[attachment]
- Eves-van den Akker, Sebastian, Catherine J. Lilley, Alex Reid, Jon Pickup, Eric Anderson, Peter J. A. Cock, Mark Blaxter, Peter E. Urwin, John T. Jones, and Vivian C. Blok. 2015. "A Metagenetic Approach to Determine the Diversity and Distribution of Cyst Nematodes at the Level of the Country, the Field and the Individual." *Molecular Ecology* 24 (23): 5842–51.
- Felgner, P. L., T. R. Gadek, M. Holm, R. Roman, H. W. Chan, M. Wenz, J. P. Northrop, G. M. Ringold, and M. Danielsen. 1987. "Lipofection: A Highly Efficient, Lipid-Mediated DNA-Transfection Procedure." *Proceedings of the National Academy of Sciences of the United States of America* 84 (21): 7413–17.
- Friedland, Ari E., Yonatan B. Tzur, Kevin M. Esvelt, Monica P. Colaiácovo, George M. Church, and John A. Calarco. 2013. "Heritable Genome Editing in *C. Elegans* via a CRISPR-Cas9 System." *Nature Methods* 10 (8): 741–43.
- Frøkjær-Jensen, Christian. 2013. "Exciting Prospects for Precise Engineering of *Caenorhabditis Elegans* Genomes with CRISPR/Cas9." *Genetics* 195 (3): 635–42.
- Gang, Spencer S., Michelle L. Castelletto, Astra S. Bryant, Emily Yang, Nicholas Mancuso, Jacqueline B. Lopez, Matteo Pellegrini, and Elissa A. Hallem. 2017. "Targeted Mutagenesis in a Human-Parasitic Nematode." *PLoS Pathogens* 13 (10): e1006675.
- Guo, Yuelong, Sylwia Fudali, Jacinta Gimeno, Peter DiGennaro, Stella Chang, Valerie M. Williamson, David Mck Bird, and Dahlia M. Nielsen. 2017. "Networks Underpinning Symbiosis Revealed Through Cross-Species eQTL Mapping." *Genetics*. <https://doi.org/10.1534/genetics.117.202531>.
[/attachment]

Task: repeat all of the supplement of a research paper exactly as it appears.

- Eves-van den Akker, Sebastian, Catherine J. Lilley, Alex Reid, Jon Pickup, Eric Anderson, Peter J. A. Cock, Mark Blaxter, Peter E. Urwin, John T. Jones, and Vivian C. Blok. 2015. "A Metagenetic Approach to Determine the Diversity and Distribution of Cyst Nematodes at the Level of the Country, the Field and the Individual." *Molecular Ecology* 24 (23): 5842–51.
- Felgner, P. L., T. R. Gadek, M. Holm, R. Roman, H. W. Chan, M. Wenz, J. P. Northrop, G. M. Ringold, and M. Danielsen. 1987. "Lipofection: A Highly Efficient, Lipid-Mediated DNA-Transfection Procedure." *Proceedings of the National Academy of Sciences of the United States of America* 84 (21): 7413–17.
- Friedland, Ari E., Yonatan B. Tzur, Kevin M. Esvelt, Monica P. Colaiácovo, George M. Church, and John A. Calarco. 2013. "Heritable Genome Editing in *C. Elegans* via a CRISPR-Cas9 System." *Nature Methods* 10 (8): 741–43.
- Frøkjær-Jensen, Christian. 2013. "Exciting Prospects for Precise Engineering of *Caenorhabditis Elegans* Genomes with CRISPR/Cas9." *Genetics* 195 (3): 635–42.
- Gang, Spencer S., Michelle L. Castelletto, Astra S. Bryant, Emily Yang, Nicholas Mancuso, Jacqueline B. Lopez, Matteo Pellegrini, and Elissa A. Hallem. 2017. "Targeted Mutagenesis in a Human-Parasitic Nematode." *PLoS Pathogens* 13 (10): e1006675.
- Guo, Yuelong, Sylwia Fudali, Jacinta Gimeno, Peter DiGennaro, Stella Chang, Valerie M. Williamson, David Mck Bird, and Dahlia M. Nielsen. 2017. "Networks Underpinning Symbiosis Revealed Through Cross-Species eQTL Mapping." *Genetics*. <https://doi.org/10.1534/genetics.117.202531>.